Who would have thought it -- the China trade deficit discussed in a presidential debate?
A brief, post-debate analysis by Scott Paul, Executive Director, the Alliance for American Manufacturing:
"So who ever thought the trade deficit with China would get any play in a presidential debate? It did fairly early in this one, with Mitt Romney raising the fact as a threat to US security. Romney is right. The trade deficit with China last year ($295 billion) was the largest on record, and we may be on target to pass it this year.
"The debate didn't really break new ground on China, though Romney acknowledged that some progress has been made on Chinese currency manipulation. Romney added to his critique tonight by tossing in intellectual property, cybersecurity, and piracy, all of which are also serious challenges.
"President Obama asserted that his Administration has brought more trade cases against China than 8 years of President Bush. He's right. Some specific cases on tires and steel pipe have clearly created American jobs. And, President Obama is 8 for 8 when taking cases to the World Trade Organization against Chinese practices. A 100% record is extraordinary. Obama cited the fact that exports to China have doubled. That's true, but it's not the most important metric, which is net exports (trade deficit is all time high with China). Plus, fast growing exports to China include scrap and commodities, which feed the Chinese industrial machine. Some high value stuff, but not a lot.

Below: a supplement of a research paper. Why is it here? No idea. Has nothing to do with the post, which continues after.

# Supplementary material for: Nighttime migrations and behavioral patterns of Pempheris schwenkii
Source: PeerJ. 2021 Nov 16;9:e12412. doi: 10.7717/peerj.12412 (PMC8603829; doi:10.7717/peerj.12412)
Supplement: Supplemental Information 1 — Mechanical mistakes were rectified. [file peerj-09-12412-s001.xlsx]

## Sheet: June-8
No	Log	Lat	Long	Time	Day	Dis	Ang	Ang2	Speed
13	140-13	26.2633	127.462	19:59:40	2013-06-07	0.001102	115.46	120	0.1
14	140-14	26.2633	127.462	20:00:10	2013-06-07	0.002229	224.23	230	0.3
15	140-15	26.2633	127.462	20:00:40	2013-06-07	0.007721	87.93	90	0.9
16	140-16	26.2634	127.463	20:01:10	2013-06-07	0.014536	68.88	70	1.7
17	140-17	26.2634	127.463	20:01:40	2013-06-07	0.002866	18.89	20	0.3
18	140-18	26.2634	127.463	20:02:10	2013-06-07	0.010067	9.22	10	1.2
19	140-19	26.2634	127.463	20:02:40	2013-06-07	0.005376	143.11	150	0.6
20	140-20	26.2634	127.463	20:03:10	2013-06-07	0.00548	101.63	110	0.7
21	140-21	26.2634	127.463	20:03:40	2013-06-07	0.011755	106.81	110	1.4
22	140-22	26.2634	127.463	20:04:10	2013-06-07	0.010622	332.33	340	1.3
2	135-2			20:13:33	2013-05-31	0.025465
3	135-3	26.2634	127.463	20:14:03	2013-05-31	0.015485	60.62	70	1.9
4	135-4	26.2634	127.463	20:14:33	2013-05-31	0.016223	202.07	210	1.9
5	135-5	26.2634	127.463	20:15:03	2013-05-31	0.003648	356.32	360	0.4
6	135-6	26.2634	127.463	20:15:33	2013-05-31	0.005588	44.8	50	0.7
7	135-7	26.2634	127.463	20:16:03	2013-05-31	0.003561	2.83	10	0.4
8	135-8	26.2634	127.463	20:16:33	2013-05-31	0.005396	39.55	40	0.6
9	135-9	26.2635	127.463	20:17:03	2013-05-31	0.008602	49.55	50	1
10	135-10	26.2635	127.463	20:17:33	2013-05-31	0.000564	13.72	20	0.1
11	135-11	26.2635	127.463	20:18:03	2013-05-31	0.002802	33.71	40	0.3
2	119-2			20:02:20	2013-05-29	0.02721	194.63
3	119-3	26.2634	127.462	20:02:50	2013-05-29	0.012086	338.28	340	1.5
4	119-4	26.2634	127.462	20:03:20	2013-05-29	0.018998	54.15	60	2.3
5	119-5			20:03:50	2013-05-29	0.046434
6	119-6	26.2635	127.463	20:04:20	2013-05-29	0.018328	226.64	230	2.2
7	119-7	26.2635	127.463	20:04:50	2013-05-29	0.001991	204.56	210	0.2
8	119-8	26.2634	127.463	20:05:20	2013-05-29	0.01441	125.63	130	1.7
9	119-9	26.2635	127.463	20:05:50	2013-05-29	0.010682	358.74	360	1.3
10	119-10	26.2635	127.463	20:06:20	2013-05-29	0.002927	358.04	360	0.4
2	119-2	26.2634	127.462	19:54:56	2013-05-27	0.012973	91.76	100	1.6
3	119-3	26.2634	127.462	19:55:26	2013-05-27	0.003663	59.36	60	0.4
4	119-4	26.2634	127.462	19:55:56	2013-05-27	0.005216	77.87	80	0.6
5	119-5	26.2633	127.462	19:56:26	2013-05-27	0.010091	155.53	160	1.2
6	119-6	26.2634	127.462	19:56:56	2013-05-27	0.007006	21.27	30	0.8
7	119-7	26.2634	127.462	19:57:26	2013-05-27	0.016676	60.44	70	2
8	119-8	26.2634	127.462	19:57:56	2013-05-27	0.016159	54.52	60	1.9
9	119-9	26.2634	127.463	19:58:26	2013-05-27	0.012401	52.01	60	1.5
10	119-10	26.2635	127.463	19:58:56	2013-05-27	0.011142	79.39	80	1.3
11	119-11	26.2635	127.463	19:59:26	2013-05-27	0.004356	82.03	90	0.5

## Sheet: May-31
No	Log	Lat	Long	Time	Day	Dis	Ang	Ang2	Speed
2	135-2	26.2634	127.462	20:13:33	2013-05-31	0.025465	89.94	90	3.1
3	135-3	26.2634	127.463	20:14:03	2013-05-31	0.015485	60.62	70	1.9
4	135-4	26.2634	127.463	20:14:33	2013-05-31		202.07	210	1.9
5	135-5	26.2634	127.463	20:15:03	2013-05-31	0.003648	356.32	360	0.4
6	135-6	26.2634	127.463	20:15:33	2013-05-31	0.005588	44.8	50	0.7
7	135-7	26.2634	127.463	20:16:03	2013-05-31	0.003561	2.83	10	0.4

"I agree with Obama that the tire case was a clear success. Multinationals began investing in domestic facilities, and we have added more than 1000 tire jobs. Did consumer costs rise for some tires? Yes, but only because petroleum (a major input) rose from 2009 lows to 2011 highs.
"Mitt Romney was absolutely right on who has the leverage in the US-China relationship. About 1/3 of Chinese exports end up in the US. Our consumer market is the best leverage we have. The idea of a trade war is nonsense. The Chinese can't effectively retaliate--yes, they hold some US Treasuries, but around 10%. We just haven't used the leverage--we should.
"The real winner was American manufacturing. It's clear that both candidates believe it is critically important that China play by the rules. I'm glad the China debate expanded beyond currency. It's in important topic, but it's only one aspect of the US-China economic relationship.
"Finally, I welcomed the focus on manufacturing in Obama's closing. It's key to an economic recovery, and it's an important issue to voters in swing states."
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